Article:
The United States and India, for example, both have good governmental structures, but many of the people involved in them lack ethical principles. Self-discipline and ethical self-restraint on the part of political leaders, financial executives, those in the medical field, industrialists, teachers, lawyers, and all other citizens are needed to create a good society. But we cannot impose self-discipline and ethical principles from the outside. We need inner cultivation. That is why spirituality and religion are relevant in the modern world.
India, where I now live, has been home to the ideas of secularism, inclusiveness, and diversity for three thousand years. One philosophical tradition — in ancient times they were known as Cārvāka — asserts that only what we know through our five senses exists. Other Indian philosophical schools criticize this nihilistic view but still regard the people who hold it as rishis, or sages. In Indian secularism, they are respected by other traditions despite their different philosophy. In the same way, we must all respect those of other religions as well as nonbelievers. I promote this type of secularism, the essence of which is to be a kind person who does not harm others whether you are religious or not.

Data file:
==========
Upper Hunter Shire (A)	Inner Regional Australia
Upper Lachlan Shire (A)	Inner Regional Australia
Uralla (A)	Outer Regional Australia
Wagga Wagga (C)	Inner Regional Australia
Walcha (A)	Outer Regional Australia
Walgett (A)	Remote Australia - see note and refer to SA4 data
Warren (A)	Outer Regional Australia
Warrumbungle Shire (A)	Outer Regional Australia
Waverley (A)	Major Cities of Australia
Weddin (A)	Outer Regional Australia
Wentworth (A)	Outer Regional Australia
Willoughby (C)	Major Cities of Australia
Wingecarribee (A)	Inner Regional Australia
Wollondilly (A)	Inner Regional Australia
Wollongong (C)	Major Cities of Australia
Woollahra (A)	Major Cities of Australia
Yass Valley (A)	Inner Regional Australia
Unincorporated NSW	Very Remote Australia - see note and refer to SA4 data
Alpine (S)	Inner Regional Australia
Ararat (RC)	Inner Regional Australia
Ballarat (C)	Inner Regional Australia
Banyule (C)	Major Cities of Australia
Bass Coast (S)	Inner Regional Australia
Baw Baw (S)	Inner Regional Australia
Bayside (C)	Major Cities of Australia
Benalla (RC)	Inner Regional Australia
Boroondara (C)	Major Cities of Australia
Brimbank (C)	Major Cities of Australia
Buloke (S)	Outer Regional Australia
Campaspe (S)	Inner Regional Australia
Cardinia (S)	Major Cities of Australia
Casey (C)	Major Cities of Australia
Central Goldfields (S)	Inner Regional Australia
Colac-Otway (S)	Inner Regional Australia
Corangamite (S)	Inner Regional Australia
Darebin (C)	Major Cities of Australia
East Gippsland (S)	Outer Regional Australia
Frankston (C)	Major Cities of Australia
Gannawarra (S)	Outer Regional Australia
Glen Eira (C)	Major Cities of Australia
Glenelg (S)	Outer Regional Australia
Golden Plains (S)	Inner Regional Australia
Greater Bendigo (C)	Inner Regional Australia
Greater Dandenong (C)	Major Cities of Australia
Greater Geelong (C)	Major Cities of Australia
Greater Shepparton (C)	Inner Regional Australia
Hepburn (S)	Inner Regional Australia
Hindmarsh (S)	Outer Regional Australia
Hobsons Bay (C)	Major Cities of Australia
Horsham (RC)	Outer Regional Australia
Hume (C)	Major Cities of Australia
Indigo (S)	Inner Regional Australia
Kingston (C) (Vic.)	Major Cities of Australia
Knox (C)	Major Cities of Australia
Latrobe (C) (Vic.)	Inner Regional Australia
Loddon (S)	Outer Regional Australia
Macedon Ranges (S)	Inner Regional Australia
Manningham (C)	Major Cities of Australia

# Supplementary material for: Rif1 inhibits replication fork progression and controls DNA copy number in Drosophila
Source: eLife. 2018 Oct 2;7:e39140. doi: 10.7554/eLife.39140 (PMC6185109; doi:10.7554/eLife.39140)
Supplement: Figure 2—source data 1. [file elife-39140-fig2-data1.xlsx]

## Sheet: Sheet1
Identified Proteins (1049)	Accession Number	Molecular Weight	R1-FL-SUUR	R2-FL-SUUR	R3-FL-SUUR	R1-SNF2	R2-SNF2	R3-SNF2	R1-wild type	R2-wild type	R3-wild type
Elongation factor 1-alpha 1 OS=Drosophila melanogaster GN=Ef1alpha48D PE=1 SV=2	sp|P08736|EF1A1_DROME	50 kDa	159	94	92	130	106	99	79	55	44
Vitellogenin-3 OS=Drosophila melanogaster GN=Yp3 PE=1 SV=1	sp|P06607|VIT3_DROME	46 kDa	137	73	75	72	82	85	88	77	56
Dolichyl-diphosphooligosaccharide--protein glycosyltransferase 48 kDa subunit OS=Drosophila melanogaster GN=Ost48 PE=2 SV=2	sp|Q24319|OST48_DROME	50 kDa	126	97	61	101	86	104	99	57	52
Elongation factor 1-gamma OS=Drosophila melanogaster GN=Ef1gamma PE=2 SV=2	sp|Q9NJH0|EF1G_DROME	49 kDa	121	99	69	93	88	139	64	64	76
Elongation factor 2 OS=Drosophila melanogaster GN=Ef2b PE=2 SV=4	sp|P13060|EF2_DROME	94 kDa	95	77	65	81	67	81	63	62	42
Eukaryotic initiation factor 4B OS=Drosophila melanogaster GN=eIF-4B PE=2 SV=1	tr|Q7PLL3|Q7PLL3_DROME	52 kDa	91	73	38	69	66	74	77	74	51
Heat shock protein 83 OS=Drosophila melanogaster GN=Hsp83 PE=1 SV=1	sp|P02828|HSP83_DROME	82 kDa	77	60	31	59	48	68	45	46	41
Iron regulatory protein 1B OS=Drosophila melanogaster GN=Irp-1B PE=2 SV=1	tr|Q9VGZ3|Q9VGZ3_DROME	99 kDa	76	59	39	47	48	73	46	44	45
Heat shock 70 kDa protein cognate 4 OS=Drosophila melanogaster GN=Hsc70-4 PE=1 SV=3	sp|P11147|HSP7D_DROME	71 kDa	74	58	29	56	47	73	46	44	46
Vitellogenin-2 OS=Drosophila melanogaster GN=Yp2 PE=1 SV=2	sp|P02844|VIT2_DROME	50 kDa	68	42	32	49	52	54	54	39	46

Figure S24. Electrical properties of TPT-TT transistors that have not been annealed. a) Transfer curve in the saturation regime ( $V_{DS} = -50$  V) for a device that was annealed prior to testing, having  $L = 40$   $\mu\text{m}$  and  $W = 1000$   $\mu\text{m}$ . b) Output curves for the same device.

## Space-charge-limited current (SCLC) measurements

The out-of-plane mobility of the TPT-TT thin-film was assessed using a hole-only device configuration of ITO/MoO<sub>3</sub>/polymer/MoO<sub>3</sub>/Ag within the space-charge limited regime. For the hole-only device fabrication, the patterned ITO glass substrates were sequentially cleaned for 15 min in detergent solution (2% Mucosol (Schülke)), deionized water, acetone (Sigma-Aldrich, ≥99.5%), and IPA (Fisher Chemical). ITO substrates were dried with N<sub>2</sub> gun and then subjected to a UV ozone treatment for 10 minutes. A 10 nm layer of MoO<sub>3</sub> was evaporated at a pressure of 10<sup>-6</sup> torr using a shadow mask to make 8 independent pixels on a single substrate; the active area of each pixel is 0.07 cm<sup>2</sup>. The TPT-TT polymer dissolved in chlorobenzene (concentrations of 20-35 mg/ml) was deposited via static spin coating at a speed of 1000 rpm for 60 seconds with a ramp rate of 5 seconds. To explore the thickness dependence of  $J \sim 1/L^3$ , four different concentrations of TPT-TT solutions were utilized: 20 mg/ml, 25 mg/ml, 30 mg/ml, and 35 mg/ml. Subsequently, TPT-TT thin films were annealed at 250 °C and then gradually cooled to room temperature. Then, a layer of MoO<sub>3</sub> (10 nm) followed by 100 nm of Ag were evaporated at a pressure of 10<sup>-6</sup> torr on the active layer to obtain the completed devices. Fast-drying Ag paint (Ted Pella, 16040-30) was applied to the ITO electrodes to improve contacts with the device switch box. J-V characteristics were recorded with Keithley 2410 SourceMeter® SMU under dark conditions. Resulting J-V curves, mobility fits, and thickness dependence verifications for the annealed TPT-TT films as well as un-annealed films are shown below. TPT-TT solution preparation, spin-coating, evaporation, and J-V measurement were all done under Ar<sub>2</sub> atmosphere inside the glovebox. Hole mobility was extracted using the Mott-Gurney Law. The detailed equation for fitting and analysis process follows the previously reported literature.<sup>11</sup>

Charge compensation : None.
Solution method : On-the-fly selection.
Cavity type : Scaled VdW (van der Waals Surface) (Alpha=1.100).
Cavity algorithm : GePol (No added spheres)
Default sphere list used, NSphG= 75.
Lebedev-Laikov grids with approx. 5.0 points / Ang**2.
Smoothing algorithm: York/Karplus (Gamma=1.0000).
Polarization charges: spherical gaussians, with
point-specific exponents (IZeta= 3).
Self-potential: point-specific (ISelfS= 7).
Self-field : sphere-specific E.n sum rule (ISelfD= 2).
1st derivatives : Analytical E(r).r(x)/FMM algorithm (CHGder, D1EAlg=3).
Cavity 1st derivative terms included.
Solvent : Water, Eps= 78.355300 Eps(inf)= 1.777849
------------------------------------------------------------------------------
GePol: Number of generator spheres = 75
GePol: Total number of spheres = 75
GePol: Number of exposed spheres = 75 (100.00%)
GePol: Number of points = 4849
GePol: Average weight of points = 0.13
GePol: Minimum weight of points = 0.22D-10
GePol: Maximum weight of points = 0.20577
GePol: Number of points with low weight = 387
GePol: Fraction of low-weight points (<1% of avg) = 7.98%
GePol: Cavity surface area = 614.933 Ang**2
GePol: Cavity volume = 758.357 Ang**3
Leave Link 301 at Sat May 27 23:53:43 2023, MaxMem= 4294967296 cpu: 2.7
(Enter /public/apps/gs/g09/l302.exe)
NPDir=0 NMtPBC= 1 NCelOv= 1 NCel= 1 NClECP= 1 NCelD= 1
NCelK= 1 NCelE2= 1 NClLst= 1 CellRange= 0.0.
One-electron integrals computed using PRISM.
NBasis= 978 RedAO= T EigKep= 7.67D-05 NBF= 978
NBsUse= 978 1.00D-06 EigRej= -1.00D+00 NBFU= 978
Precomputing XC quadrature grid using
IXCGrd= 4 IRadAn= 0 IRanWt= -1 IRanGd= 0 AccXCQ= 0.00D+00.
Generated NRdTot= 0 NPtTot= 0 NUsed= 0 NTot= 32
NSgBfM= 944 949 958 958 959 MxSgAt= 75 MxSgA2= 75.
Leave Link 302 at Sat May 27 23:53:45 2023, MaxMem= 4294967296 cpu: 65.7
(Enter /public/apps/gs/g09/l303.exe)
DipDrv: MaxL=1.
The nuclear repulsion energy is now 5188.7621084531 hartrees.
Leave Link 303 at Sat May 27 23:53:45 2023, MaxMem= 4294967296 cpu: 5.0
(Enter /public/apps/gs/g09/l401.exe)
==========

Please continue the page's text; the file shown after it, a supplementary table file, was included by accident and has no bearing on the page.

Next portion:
In previous centuries, Tibetans knew little about the rest of the world. We lived on a high and broad plateau surrounded by the world’s highest mountains. Almost everyone, except for a small community of Muslims, was Buddhist, and very few foreigners came to our land. Since we went into exile in 1959, Tibetans have been in contact with the rest of the world;12 we relate with diverse religions, ethnic groups, and cultures with a broad spectrum of views. We also live in a world where modern scientific views are prominent. In addition, Tibetan youth now receive a modern education in which they are exposed to views not traditionally found in the Tibetan community. Therefore it is imperative that Tibetan Buddhists be able to clearly explain their tenets and beliefs to others using reason. Simply quoting from Buddhist scriptures does not convince people who did not grow up as Buddhists of the validity of the Buddha’s doctrine. If we try to prove points only by quoting scripture, these people may respond, “Why should I believe that scripture? Everyone has a book they can quote from!”